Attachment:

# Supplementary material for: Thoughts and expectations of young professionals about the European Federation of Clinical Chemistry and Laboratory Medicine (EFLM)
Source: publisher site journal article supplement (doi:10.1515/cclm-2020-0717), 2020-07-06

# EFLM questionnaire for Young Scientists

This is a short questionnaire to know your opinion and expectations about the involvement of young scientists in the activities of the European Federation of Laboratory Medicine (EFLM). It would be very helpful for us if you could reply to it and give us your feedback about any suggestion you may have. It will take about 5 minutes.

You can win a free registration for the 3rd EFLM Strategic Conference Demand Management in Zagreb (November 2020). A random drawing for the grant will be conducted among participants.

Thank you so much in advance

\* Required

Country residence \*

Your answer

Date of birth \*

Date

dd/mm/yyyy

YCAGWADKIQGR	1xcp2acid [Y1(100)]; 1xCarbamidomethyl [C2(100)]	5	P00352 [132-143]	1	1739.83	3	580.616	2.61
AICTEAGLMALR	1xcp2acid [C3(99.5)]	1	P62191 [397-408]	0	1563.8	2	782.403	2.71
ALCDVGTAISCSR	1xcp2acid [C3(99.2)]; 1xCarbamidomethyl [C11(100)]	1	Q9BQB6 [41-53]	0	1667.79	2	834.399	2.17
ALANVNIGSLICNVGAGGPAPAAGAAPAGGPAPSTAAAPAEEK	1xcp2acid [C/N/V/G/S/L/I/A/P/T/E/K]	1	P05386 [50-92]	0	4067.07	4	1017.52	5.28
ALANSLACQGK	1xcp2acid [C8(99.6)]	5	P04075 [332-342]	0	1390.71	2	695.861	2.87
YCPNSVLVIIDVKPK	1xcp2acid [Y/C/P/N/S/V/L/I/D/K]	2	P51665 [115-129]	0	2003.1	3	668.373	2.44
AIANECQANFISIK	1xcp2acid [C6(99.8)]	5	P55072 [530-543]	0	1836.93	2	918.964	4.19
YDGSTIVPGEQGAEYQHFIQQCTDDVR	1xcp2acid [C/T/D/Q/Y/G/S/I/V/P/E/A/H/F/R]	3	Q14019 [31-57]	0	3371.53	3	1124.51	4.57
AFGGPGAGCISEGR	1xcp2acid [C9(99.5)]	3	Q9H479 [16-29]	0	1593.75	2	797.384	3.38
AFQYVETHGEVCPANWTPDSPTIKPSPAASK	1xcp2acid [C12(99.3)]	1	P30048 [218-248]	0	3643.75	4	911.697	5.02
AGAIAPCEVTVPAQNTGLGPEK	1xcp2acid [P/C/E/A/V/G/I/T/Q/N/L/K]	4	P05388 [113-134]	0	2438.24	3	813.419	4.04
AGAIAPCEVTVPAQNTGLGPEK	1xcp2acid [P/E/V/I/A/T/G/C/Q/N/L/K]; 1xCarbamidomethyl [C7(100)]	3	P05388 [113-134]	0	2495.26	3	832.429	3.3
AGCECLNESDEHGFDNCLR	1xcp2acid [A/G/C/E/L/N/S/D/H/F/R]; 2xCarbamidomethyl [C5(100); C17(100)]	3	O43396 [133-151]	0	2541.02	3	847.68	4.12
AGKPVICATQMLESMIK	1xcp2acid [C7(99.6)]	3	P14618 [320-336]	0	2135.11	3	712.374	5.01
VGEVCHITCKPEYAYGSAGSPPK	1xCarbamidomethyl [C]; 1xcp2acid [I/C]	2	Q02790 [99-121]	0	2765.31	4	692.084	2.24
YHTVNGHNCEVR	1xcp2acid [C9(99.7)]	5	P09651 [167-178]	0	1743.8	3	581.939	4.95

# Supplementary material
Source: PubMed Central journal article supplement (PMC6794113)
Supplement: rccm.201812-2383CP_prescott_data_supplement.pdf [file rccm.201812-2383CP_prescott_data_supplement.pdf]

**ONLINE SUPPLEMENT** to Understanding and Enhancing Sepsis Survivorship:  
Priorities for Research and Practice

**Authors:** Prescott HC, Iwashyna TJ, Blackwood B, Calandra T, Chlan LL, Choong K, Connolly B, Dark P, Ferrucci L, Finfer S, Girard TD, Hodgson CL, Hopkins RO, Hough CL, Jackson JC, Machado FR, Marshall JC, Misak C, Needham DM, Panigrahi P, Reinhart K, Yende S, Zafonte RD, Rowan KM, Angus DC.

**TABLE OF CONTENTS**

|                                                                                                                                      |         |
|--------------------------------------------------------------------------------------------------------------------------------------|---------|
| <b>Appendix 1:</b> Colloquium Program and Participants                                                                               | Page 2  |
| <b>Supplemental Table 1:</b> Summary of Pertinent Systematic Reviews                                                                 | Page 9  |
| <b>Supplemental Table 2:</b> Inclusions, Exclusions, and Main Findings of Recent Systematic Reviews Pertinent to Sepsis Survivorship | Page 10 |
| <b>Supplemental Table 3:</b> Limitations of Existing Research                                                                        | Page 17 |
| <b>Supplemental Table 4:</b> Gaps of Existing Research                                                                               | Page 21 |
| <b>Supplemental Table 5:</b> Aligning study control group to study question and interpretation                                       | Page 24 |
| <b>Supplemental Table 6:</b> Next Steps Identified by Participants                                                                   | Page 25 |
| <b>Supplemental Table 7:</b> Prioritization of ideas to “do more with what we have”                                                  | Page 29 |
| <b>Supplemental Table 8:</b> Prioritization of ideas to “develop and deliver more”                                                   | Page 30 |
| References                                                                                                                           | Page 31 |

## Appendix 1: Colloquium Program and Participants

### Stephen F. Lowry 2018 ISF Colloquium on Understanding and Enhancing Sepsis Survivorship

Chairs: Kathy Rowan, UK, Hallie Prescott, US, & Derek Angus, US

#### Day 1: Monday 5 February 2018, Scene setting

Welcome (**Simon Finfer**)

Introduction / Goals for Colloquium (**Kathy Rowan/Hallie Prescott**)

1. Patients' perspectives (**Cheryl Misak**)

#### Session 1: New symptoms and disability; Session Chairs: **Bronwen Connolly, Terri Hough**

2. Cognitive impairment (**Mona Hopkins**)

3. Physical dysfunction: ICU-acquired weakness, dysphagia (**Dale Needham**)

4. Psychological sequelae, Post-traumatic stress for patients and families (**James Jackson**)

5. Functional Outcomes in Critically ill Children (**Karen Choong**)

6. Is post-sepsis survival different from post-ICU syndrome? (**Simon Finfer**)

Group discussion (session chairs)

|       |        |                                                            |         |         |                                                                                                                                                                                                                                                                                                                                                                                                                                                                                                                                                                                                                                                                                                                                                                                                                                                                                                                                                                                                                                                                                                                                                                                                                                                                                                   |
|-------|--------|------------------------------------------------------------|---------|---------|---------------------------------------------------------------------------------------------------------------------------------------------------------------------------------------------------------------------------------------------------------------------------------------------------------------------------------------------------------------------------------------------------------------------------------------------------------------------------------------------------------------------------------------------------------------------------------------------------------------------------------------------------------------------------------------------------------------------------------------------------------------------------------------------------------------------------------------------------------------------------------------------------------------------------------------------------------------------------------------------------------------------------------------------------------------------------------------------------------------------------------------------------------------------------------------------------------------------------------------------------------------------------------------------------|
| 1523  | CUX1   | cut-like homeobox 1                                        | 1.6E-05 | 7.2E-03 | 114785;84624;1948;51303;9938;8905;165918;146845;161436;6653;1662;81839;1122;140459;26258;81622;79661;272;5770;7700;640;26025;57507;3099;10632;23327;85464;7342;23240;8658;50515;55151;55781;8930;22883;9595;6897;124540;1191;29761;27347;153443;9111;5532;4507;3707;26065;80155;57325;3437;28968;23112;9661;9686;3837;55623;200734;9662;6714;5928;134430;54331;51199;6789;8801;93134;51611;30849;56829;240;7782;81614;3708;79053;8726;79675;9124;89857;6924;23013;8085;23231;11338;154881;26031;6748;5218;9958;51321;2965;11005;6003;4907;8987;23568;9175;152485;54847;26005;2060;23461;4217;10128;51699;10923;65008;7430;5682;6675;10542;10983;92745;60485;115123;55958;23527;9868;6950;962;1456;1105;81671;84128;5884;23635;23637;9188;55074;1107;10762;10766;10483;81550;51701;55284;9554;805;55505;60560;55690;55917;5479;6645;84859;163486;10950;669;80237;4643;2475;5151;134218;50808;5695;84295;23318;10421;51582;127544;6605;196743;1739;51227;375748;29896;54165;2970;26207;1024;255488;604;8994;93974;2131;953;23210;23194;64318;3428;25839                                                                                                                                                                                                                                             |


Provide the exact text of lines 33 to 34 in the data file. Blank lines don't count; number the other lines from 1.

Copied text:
Priorities for Research and Practice

**Authors:** Prescott HC, Iwashyna TJ, Blackwood B, Calandra T, Chlan LL, Choong K, Connolly B, Dark P, Ferrucci L, Finfer S, Girard TD, Hodgson CL, Hopkins RO, Hough CL, Jackson JC, Machado FR, Marshall JC, Misak C, Needham DM, Panigrahi P, Reinhart K, Yende S, Zafonte RD, Rowan KM, Angus DC.